We present a novel physically-based hydrologic model, PAWS (Process-based Adaptive Watershed Simulator) based on a large-scale method for surface-subsurface coupling. The model solves the governing equations for major hydrologic processes with remarkable computational efficiency so that large scale applications become relevant. PAWS evaluates the integrated hydrologic response of the surface-subsurface system using a non-iterative method that couples runoff and groundwater flow to vadose zone processes approximating the 3D Richards equation. Numerical test cases indicate that the method is able to reproduce the essential dynamics of the 3D equation efficiently. PAWS uses public databases as input, possesses full capability to interact with GIS datasets and has the ability to link to current land surface models. The model was applied to two medium-sized watersheds in Michigan , verified using streamflow data, spatio-temporal data for groundwater heads and other observations and was found to offer useful insights into key hydrologic processes of the two watersheds.

Phanikumar, M. S.; Shen, C.

2010-12-01

5

A particle-tracking scheme for simulating pathlines in coupled surface-subsurface flows  

NASA Astrophysics Data System (ADS)

A Lagrangian particle tracking scheme has been extended to simulate advective transport through coupled surface and subsurface flows. This extended scheme assumes a two-dimensional flow field for the overland domain and a three-dimensional flow field for the subsurface domain. Moreover it is assumed that the flow fields are simulated by a cell centered finite difference method. Pathlines in both the subsurface and the overland domain are simulated by classical particle tracking methods. Exchange of particles between the two domains is simulated by newly-developed algorithms presented in this study. Different algorithms are used depending on the direction of the exchange across the interface between the two domains. In the subsurface domain knowledge about a particle's pathline is enough to detect a transfer to the surface domain and the solution is straightforward. However, in the two-dimensional overland domain pathlines are parallel to the land surface. Therefore the velocity field in the overland domain alone cannot be used to detect a transfer to the subsurface. We propose a relatively simple algorithm to estimate the probability of transfer to the subsurface domain. It is shown that this algorithm can also be used to handle the transfer from the overland domain to the atmosphere domain. The algorithm to estimate the transfer probabilities is based on the mass balance of water on a streamtube aligned with the particle's pathline. This newly developed technique ensures that transit time distributions can be simulated accurately. These new relationships are implemented in an existing particle tracking code and are verified using analytical solutions for transit times.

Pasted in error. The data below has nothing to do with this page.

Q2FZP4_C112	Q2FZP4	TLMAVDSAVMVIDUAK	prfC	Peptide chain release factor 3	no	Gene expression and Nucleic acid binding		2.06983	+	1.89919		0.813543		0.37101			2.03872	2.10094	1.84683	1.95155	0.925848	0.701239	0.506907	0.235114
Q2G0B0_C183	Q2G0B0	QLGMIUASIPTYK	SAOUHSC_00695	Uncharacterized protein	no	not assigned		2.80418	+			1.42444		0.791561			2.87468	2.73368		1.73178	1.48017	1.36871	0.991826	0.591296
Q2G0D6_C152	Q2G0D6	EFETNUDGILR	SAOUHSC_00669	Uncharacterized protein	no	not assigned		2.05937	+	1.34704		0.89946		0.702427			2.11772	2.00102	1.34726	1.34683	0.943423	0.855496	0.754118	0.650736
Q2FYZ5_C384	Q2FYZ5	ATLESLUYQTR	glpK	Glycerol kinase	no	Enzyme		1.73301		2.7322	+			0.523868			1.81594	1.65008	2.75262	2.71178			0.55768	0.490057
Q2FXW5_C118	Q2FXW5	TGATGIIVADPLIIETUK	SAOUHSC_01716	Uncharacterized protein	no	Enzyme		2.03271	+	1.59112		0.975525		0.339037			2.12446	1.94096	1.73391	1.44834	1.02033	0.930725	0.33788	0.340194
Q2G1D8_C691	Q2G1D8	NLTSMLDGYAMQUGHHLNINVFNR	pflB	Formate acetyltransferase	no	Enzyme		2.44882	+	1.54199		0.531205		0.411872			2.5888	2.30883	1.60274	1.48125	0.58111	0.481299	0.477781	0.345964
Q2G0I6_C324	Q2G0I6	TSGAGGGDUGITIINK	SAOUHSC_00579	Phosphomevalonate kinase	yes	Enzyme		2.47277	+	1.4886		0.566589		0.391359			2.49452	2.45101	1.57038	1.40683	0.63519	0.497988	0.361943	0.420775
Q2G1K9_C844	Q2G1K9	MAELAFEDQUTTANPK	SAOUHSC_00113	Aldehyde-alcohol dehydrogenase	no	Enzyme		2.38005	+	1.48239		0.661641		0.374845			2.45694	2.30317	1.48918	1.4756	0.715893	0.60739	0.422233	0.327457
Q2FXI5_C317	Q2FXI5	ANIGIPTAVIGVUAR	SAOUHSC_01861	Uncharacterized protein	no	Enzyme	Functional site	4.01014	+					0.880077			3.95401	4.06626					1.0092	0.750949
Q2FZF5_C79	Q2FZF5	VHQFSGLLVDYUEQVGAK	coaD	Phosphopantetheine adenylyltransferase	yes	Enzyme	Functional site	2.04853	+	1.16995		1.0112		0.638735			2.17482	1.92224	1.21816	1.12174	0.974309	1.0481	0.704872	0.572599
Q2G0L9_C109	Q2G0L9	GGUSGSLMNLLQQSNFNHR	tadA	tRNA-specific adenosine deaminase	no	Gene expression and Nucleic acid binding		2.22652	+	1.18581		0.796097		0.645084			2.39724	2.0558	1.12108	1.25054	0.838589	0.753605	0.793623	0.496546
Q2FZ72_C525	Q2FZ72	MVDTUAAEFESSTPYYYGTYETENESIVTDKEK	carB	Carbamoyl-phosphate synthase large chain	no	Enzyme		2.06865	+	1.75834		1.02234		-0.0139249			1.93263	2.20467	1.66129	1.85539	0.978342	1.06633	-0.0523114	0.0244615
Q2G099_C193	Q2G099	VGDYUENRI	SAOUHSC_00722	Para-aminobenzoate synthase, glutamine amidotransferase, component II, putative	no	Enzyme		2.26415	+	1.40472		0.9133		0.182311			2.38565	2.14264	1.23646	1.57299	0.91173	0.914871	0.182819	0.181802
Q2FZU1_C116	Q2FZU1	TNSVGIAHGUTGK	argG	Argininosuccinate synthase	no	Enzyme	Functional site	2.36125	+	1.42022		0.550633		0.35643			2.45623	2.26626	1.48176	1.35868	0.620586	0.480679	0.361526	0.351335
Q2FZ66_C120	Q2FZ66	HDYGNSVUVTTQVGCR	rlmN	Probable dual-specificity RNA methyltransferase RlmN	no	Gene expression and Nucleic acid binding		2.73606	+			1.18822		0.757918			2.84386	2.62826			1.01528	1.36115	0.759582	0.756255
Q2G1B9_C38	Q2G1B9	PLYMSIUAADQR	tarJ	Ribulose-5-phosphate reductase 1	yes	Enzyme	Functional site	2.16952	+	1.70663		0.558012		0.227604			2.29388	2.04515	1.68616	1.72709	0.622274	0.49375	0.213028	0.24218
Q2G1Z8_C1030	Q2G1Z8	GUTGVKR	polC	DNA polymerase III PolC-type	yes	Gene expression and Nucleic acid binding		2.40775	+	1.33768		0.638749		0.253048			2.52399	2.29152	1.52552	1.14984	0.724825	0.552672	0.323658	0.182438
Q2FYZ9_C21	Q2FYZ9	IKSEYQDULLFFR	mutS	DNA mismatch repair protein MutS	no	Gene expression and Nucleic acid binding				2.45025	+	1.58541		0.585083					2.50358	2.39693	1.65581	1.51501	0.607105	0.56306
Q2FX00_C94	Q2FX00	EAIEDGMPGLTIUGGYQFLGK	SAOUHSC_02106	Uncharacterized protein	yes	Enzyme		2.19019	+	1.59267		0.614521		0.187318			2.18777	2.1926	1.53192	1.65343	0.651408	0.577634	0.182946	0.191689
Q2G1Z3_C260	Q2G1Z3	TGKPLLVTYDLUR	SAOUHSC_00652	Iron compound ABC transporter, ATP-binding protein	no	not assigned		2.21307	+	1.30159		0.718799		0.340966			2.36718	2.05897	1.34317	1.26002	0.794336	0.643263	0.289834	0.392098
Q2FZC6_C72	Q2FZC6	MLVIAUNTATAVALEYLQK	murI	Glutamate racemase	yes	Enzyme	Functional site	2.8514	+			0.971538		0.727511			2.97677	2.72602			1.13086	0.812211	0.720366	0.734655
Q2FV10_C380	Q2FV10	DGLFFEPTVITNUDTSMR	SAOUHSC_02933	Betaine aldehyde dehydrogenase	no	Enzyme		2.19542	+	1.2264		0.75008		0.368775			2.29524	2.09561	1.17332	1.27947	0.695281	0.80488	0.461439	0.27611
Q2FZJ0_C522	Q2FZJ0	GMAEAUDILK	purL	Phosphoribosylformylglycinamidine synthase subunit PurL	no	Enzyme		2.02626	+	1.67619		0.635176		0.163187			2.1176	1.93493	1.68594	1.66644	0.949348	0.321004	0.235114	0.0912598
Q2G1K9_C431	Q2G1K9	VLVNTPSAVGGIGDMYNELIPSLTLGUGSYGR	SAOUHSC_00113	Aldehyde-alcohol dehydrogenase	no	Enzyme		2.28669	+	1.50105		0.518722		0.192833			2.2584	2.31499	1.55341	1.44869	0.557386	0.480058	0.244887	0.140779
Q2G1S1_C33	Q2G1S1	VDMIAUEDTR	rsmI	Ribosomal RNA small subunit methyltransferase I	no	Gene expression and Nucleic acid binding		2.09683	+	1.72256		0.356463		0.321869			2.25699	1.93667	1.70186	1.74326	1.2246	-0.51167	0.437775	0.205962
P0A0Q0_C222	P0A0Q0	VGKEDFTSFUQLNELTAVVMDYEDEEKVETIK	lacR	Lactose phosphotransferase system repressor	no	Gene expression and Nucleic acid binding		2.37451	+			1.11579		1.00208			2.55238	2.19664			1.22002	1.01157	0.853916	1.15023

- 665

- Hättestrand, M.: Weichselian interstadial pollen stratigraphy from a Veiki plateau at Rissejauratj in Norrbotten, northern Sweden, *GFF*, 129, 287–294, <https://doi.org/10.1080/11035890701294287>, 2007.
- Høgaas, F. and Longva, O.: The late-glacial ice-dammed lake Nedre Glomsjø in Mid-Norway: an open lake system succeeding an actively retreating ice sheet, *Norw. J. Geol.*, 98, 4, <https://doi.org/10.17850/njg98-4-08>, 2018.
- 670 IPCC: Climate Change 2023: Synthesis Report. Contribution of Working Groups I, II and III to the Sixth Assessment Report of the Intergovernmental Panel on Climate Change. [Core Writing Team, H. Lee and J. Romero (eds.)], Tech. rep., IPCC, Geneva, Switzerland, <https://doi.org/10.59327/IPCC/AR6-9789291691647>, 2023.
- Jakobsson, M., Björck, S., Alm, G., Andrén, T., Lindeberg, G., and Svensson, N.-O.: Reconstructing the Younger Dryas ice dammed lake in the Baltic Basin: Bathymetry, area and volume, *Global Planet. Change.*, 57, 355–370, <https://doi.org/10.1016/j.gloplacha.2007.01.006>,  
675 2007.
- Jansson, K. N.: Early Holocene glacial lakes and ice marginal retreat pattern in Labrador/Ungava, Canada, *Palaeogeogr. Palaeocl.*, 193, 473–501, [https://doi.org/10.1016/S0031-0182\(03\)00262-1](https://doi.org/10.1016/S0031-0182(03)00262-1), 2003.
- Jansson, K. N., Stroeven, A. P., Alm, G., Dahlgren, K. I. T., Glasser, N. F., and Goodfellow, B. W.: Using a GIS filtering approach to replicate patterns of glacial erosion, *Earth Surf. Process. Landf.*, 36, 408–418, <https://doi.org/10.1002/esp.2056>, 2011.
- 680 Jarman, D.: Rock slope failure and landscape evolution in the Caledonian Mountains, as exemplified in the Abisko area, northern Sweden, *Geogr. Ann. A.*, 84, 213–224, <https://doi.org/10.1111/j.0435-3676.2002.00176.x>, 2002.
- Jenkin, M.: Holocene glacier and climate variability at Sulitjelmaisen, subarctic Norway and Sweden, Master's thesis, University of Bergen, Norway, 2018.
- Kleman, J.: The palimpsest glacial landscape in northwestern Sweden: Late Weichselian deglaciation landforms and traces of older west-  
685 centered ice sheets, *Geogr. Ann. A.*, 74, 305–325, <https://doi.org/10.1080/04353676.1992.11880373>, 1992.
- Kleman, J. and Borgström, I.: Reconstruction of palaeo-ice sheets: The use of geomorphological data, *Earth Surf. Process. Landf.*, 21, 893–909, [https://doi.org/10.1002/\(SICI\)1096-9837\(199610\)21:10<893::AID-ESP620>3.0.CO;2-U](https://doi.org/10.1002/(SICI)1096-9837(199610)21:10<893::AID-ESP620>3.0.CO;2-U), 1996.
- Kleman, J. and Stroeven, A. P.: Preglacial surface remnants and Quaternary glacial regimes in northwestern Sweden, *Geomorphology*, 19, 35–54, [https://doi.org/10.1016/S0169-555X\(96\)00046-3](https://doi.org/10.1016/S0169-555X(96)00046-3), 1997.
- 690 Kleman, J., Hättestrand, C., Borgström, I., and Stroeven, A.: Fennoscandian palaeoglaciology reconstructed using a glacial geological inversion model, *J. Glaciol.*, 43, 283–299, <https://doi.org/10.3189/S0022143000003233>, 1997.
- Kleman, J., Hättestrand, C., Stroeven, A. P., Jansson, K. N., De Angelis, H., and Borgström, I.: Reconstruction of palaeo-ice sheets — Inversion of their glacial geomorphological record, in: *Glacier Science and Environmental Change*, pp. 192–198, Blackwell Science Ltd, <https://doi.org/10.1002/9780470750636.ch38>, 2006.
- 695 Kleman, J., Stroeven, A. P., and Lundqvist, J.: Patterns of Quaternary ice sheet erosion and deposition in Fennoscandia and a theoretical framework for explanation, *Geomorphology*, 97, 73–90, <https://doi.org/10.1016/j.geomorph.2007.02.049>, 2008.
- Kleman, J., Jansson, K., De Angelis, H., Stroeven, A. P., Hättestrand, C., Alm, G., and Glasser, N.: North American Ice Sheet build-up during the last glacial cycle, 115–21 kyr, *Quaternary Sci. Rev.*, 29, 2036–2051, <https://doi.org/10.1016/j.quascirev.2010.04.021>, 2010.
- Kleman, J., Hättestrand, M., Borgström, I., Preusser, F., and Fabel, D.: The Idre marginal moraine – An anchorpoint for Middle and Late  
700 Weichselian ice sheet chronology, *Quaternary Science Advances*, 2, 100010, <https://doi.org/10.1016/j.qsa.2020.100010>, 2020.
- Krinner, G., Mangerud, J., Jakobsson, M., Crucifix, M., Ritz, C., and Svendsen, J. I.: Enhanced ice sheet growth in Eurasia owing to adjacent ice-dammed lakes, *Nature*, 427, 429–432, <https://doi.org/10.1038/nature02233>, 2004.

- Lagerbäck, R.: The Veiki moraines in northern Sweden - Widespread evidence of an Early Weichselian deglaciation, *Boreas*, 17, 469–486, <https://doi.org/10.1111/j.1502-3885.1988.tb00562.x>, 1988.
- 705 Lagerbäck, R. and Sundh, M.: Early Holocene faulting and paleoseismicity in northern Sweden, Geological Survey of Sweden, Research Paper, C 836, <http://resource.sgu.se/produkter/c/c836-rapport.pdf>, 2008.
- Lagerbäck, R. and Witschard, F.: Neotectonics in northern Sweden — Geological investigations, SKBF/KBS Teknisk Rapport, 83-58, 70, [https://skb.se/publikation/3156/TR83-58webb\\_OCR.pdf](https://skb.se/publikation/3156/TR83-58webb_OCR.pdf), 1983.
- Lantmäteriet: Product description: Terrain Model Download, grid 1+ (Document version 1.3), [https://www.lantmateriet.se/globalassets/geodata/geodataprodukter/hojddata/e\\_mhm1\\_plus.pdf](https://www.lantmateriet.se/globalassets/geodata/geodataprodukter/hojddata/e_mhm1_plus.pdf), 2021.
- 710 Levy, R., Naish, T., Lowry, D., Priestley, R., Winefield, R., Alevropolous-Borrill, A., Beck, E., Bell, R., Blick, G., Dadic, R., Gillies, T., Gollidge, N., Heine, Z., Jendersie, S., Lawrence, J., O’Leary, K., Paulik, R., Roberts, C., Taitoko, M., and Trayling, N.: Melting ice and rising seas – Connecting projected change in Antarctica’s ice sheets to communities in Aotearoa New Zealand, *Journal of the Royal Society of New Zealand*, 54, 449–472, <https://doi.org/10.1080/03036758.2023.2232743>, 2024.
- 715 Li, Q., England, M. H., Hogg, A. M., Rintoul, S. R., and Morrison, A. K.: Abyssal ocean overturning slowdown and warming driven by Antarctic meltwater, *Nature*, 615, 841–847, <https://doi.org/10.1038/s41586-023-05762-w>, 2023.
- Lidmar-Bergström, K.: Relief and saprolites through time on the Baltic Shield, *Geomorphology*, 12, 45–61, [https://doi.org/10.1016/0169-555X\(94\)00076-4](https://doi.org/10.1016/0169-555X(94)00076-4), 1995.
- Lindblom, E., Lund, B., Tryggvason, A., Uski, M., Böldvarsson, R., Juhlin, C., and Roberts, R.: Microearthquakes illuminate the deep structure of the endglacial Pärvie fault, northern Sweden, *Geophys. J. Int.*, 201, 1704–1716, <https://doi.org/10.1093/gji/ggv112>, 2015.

de Rooij, Rob; Graham, Wendy; Maxwell, Reed M.

2013-02-01

6

Coupling a terrestrial biogeochemical model to the common land model  

Microsoft Academic Search

A terrestrial biogeochemical model (CASACNP) was coupled to a land surface model (the Common Land Model, CoLM) to simulate\\u000a the dynamics of carbon substrate in soil and its limitation on soil respiration. The combined model, CoLM_CASACNP, was able\\u000a to predict long-term carbon sources and sinks that CoLM alone could not. The coupled model was tested using measurements of\\u000a belowground respiration

Xiaoying Shi; Jiafu Mao; Yingping Wang; Yongjiu Dai; Xuli Tang

2011-01-01

7

Measuring groundwater flow at the Sanford Laboratory with coupled surface/subsurface time-lapse gravity measurements  

NASA Astrophysics Data System (ADS)